In 2003, when the school board first visited the idea of closing Guyton, Licorish mobilized the community to beat the school board back. She carries a three-ring binder of several hundred papers of support documents used like a shield to fend off evil-doers. DeSantis, who grew up in the neighborhood but went to one of the city’s many private, Catholic schools, mobilizes alumni around the nation. Morgan is the link between the community and the professionals.

“It’s a big community school,” says Morgan, who is known at the school as “grandma” or “auntie.” “The closeness that the school carries with it. Your child is my child. It’s a village thing,” she says.

All feel the energy of Barack Obama. They like what they see and hear. They feel he is on the same page. They hope he comes forth with an ambitious agenda for reviving American cities, their school and schools like it. They are hoping his agenda resonates here in time to lift their children from a seemingly endless cycle of poverty and low expectations reinforced by a broken school system. If Obama can save the public schools here, they reason, he can save public education everywhere and ensure the next generation is ready for college. They’re working hard to do their part.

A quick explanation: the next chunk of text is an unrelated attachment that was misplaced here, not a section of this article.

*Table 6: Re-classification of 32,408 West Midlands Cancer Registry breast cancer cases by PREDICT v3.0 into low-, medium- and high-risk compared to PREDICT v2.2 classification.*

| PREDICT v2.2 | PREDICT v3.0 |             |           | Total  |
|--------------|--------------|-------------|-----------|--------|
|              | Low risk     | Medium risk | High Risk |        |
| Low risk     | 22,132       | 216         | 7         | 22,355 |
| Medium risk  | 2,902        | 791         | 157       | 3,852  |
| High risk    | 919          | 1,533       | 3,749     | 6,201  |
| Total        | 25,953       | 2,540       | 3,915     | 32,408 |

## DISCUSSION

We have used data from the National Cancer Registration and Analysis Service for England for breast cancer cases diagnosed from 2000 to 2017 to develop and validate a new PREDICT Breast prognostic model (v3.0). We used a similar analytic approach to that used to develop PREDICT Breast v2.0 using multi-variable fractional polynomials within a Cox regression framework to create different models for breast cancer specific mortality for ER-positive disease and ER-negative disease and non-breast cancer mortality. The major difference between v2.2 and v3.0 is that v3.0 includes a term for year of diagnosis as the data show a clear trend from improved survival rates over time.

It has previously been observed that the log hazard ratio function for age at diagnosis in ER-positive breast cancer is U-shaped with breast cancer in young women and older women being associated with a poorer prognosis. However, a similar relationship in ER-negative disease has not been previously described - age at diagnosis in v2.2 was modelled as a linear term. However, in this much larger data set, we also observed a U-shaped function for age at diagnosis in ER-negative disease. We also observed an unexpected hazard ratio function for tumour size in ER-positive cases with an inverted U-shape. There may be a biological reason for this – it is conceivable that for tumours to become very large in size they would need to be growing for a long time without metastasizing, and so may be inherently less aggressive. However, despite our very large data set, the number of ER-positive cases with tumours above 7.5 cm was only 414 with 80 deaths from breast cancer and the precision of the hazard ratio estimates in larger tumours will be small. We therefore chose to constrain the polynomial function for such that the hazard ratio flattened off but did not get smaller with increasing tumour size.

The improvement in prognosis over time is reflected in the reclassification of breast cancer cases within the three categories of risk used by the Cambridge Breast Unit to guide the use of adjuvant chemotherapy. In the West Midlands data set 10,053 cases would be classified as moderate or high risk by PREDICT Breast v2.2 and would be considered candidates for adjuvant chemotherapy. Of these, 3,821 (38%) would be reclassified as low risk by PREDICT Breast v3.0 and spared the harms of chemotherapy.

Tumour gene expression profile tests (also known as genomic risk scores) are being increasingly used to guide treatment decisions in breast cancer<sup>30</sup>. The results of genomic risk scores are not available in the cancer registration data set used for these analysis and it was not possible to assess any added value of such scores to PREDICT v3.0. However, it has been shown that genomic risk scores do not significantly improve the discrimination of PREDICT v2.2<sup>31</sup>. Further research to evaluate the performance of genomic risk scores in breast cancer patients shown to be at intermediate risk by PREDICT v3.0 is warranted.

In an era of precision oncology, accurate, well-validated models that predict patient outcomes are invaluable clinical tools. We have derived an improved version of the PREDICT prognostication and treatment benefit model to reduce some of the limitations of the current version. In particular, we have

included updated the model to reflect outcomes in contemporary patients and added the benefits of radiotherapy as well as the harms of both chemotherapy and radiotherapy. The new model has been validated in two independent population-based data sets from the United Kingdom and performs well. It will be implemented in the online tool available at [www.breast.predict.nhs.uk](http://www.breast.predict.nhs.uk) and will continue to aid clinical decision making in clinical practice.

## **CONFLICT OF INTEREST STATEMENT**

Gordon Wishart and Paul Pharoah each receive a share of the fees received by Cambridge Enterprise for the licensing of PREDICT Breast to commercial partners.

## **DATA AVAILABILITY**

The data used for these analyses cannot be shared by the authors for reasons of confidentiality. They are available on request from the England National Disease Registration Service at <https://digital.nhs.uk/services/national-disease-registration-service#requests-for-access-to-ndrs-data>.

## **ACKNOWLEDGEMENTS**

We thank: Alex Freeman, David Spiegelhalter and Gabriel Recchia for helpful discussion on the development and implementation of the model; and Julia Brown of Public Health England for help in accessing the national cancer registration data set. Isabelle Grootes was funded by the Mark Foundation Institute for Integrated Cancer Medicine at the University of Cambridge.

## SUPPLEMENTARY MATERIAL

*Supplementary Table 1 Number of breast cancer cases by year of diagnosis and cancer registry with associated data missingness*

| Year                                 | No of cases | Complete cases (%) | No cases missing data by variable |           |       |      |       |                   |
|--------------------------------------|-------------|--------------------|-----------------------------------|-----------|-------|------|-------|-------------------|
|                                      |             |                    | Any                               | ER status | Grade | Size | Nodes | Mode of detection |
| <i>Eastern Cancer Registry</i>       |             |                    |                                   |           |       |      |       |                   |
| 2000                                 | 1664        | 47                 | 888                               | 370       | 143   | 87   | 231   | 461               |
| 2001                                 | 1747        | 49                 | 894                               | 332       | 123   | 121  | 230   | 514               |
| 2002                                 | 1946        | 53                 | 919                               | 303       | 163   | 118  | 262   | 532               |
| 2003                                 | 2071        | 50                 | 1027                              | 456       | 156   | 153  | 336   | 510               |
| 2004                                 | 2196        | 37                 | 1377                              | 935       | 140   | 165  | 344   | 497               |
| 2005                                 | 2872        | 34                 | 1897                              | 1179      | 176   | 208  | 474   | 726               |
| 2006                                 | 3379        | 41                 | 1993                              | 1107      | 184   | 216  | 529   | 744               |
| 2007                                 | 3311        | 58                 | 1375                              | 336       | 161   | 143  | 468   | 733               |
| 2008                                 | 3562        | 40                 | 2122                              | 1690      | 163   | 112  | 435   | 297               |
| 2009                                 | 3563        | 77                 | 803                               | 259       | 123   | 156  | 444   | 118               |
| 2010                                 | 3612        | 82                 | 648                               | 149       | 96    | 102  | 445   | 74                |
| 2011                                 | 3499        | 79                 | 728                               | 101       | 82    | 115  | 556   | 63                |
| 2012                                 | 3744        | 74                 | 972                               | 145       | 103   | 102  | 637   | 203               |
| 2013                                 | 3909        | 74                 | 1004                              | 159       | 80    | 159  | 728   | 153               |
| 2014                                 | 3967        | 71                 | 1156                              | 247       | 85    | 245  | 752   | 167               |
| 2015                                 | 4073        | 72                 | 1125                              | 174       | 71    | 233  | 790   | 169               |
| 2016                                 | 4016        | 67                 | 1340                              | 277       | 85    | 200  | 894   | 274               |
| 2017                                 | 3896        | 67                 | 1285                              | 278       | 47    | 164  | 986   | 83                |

“I believe he can (save Guyton), maybe because of his background,” says Pamela Stubblefield, who has two children at Guyton and volunteers at the school a few days a week. “Obama seems to be a people person, concerned and listening to what the people want,” she adds.

Carol Goss, president of The Skillman Foundation, a large local foundation that has poured millions into the Detroit Public Schools and is today the last foundation to continue supporting them, is hopeful. Goss, a product of the Detroit Public Schools, shares many of Obama’s views on expectations and innovation. She also offers some sage advice for all.

“It’s realistic for him (Obama) to deal with urban issues, of which the schools are a piece of that,” says Goss, who joined others locally in opposing the dismissal of the most recent superintendent. “It’s just one piece. State and local governments have a role.

“If we get some good federal funding and state and local focus on innovation and higher achievement and holding people accountable, then together we can make change,” Goss says. “We have to become a community Obama can lead. He can’t lead by himself.”